Animal Law News

China to kill its ivory trade by year’s end

Global ivory trade has been banned by international regulators since 1989, but in the meantime China has been a nexus of both legal—and illegal—ivory trading. Demand has been met largely by the large-scale poaching of African elephants, which many say has significantly contributed to the animals’ population decline.
 
In an applaudable move, albeit tempered by the additional comment that "it's about time", the Chinese government has pledged to close down its domestic ivory market for good by the end of 2017. 

How drones could become a farmer’s best friend

Not everyone is a fan of drones. The obvious concern and potential legal argument is that it constitutes an invasion of privacy. But politics, public interest and protection of industry suggests there is another side to the argument, pointing out the benefits associated with using drones.
 
For example, billions of gallons of freshwater are used every day to irrigate crops, but a lot of it gets wasted on already ripe or dying plants. Now, researchers have used images captured by an unmanned aerial vehicle (UAV)—i.e., a drone—to map barley fields and...more >>

Can escaped pets rescue endangered species?

The descendants of escaped exotic pets could save endangered species. That’s what a team of scientists argues in a new paper, which proposes replenishing decimated populations of animals with their kin from the pet trade. One potential target is the yellow-crested cockatoo, one of the world's most prized household birds whose wild numbers are plummeting.

As with most proposals, there are pros and cons to the argument. You can read more about at ...more >>

The ethics of using animal stem cells

Stem cell research is highly debated in the field of bioethics. Is there a difference between using the stem cells of people in contrast using the stem cells of animals?

There is a paper addressing an alleged "gap in the literature about the ethics of using animal stem cells for human benefit".
 
You can read it at ...more >>

Role of the Veterinarian in Public Health/One Health

Most private veterinary practitioners contribute to public health during routine practice. Both large and small animal practitioners become skilled diagnosticians for acute and chronic diseases of animals that may affect the owners and their families and the surrounding communities. Specific examples of public health activities include performing routine health examinations, maintaining immunization regimens, implementing parasite control programs, advising on the risks of animal contact for immunocompromised individuals, facilitating the use of guide and service dogs for people with...more >>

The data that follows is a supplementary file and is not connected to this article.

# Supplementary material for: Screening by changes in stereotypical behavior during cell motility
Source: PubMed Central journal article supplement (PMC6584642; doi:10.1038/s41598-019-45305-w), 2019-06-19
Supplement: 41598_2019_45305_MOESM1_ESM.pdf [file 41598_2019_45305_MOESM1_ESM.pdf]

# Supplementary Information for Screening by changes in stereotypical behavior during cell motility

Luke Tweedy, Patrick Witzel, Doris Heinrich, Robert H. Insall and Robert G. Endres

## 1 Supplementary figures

“Animals Across the Disciplines.”

The Animals & Society Institute (and the University of Illinois at Urbana-Champaign invites applications for the first annual Human-Animal Studies Summer Institute program for advanced graduate students and early career scholars pursuing research in Human-Animal Studies. The theme of the inaugural institute will be: “Animals Across the Disciplines.”
 
This...more >>

Authorization of Animal Experiments Is Based on Confidence Rather than Evidence of Scientific Rigor

The "reproducibility crisis" in biomedical research has led to questions about the scientific rigor in animal research, and thus the ethical justification of animal experiments. In research publishing in the Open Access journals PLOS Biology and PLOS ONE on December 2nd, 2016, researchers from the University of Bern have assessed scientific rigor in animal experimentation in Switzerland. The study, commissioned by the Swiss Federal Food Safety and Veterinary Office (FSVO), found widespread deficiencies in the reporting of experimental methodology.

Animal experiments are...more >>

Dignity and Its Violation Examined within the Context of Animal Ethics

This paper analyzes the concept of 'dignity'in relation to other than human animals and 
examines how this concept might be of use in informing us of actions that may harm such 
animals. In doing so, the characteristic features of...more >>

Towards the integrated assessment of New Zealand pastoral farm systems

Abstract
 
Land use and management change is a feature of New Zealand farm systems, driven by a range of factors including volatile markets and exchange rates, variable weather and climate patterns, continuous policy evolution and the inherent innovation of New Zealand farmers. Yet the common indicators used to evaluate the impact of change appear to be limited to the link between productivity (of land/labour/capital) and profitability. However, if farm system “owners” seek truly sustainable systems they should consider a wider set of indicators to...more >>